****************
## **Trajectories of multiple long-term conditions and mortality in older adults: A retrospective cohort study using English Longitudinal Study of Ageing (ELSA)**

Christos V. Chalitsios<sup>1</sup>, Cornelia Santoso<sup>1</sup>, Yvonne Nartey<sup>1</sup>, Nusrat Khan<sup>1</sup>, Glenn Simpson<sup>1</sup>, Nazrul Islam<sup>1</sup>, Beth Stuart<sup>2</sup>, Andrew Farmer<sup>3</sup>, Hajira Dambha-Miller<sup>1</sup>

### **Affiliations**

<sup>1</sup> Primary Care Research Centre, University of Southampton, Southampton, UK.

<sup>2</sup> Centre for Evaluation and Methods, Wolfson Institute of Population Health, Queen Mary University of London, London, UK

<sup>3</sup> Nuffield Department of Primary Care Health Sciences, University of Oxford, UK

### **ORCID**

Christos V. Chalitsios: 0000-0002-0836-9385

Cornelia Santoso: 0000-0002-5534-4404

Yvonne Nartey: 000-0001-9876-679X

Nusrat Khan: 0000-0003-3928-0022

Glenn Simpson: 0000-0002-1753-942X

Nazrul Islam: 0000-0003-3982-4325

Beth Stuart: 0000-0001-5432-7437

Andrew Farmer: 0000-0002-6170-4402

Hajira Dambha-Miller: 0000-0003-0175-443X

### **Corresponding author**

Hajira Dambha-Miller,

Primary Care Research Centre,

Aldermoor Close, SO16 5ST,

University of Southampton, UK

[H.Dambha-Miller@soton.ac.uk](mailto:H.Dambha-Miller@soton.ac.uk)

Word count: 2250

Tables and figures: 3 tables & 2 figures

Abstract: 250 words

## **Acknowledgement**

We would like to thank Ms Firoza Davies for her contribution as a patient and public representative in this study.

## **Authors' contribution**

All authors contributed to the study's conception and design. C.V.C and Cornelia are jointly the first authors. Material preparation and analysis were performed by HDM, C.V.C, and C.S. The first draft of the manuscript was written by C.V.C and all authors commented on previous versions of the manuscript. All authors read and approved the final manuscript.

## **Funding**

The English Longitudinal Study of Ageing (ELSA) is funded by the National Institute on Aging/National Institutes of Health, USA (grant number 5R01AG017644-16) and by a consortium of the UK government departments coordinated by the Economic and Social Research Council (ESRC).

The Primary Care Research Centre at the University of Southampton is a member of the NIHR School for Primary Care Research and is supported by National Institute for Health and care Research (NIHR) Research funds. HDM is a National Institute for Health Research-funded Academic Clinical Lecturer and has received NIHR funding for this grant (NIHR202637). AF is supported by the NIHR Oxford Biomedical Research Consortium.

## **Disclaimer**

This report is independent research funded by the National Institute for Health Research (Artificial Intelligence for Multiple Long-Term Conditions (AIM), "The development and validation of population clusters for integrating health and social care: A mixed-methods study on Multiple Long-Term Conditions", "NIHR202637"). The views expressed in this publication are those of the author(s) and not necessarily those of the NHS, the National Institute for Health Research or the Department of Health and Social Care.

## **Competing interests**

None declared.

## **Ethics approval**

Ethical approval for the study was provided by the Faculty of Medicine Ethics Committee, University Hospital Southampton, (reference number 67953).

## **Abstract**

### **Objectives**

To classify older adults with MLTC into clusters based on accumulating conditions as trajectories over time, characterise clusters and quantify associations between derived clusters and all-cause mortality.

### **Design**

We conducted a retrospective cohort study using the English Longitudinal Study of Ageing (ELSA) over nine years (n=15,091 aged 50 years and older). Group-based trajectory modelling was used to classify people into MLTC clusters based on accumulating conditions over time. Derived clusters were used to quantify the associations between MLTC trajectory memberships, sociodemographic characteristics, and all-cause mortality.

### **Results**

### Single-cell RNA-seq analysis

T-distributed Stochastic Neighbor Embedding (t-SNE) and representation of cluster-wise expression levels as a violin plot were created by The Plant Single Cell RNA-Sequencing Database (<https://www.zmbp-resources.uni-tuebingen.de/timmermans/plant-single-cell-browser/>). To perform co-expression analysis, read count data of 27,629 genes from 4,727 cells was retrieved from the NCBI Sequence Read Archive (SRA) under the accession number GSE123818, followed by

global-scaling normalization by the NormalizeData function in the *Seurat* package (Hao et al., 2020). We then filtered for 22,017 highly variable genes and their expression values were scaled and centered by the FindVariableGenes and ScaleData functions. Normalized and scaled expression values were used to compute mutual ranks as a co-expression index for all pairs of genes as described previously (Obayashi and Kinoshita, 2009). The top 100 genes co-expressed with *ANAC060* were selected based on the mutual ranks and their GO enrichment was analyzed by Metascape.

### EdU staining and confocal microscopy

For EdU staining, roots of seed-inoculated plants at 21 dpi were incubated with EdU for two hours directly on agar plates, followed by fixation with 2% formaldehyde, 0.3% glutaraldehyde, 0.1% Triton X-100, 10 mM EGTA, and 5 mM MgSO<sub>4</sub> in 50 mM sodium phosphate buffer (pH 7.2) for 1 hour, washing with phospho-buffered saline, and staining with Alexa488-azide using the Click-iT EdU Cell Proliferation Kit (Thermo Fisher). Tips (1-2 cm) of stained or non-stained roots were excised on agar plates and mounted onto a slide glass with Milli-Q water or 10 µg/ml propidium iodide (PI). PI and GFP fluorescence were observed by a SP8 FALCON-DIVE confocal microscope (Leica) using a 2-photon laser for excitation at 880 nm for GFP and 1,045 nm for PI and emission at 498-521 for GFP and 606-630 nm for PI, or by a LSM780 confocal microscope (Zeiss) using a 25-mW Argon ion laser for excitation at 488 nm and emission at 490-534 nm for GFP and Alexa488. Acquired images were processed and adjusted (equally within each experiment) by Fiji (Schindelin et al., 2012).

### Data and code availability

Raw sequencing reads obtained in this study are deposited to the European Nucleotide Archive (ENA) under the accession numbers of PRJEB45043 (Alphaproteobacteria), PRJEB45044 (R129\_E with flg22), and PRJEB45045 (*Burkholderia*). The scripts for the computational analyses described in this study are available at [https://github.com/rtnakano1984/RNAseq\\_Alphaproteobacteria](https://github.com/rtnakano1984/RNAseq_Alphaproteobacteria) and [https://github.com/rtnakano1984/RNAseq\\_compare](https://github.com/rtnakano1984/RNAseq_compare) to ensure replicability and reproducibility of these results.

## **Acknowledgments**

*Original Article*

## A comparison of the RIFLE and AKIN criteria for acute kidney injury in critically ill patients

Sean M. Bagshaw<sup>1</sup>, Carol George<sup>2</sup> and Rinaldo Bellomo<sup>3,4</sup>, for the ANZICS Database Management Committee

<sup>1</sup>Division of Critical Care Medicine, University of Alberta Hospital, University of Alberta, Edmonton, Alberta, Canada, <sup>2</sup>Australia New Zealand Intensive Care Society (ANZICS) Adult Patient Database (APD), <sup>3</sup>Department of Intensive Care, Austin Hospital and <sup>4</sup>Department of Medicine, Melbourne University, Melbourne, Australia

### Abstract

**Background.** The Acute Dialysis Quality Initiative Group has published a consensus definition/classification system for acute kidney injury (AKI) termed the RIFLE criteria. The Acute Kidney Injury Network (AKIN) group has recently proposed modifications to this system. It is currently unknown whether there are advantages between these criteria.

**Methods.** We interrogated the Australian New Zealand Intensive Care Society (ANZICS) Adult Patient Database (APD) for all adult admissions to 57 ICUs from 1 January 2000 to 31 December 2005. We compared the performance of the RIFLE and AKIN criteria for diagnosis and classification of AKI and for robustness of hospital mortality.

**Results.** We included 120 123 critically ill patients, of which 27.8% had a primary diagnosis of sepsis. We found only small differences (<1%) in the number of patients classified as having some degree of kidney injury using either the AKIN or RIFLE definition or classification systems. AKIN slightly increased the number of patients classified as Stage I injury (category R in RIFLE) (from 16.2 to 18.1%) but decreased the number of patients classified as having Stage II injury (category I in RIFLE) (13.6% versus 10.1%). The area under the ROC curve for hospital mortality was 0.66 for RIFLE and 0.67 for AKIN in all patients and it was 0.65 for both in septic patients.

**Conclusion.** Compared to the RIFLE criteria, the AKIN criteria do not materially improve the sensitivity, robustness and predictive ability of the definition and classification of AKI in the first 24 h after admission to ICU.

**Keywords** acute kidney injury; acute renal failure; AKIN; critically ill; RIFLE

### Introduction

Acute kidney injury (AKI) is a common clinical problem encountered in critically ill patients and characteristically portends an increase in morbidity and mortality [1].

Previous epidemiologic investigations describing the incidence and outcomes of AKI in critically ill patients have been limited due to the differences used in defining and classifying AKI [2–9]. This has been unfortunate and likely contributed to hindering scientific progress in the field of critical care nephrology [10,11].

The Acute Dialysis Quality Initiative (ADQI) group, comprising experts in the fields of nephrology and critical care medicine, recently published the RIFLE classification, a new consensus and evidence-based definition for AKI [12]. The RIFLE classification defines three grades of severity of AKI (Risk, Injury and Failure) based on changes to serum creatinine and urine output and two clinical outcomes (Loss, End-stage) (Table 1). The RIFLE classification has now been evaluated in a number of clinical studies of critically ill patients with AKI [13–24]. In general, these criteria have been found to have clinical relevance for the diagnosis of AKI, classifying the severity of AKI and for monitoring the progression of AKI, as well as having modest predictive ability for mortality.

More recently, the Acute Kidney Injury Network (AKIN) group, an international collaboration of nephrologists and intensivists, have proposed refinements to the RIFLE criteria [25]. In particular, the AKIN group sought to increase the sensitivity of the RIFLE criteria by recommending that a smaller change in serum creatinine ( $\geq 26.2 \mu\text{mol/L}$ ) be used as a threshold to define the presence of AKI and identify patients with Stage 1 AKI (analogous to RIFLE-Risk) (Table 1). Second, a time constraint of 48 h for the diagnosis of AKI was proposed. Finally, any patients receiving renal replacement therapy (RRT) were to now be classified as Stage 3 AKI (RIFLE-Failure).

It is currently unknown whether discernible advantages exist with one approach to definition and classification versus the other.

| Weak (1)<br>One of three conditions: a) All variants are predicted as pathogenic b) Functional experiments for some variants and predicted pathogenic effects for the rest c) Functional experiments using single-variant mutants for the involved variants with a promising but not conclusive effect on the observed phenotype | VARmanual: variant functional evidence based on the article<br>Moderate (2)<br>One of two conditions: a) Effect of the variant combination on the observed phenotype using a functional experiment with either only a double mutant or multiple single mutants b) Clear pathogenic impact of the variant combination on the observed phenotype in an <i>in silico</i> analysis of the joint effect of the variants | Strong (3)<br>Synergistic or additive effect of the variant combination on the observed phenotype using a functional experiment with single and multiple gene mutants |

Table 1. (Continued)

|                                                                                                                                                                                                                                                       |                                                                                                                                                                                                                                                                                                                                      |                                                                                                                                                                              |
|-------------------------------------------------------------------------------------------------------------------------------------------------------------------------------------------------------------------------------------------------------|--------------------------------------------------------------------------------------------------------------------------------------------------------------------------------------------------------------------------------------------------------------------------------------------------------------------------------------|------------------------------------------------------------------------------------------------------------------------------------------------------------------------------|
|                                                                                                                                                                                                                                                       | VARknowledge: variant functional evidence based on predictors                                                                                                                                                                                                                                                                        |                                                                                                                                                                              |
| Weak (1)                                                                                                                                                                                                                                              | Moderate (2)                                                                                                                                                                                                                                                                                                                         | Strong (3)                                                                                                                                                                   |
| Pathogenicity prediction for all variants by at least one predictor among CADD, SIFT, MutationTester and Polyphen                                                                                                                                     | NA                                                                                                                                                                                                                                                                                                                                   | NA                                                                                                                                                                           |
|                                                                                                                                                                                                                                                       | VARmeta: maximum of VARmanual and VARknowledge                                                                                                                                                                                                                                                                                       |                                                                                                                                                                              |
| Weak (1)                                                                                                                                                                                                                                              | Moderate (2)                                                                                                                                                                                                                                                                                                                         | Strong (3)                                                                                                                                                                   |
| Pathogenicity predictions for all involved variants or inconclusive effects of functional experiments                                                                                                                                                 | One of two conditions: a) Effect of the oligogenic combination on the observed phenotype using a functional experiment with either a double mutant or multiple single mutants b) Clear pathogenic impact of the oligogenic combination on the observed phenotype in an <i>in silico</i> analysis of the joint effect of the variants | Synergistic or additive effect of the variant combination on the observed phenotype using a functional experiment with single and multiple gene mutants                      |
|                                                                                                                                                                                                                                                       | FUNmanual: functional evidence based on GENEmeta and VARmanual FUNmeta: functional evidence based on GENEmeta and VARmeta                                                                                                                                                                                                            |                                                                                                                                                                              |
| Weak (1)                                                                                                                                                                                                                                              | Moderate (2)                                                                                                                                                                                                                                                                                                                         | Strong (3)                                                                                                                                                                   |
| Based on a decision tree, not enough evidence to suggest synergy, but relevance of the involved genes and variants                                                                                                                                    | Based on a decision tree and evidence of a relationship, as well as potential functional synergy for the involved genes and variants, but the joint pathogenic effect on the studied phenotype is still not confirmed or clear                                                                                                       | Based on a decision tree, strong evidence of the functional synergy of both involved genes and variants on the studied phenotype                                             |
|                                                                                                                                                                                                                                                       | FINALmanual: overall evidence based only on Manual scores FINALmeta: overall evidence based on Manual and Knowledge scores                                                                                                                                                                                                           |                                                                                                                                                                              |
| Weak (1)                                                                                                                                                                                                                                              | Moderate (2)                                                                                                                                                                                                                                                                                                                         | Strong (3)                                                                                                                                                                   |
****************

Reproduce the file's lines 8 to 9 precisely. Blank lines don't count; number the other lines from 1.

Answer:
Christos V. Chalitsios: 0000-0002-0836-9385

Cornelia Santoso: 0000-0002-5534-4404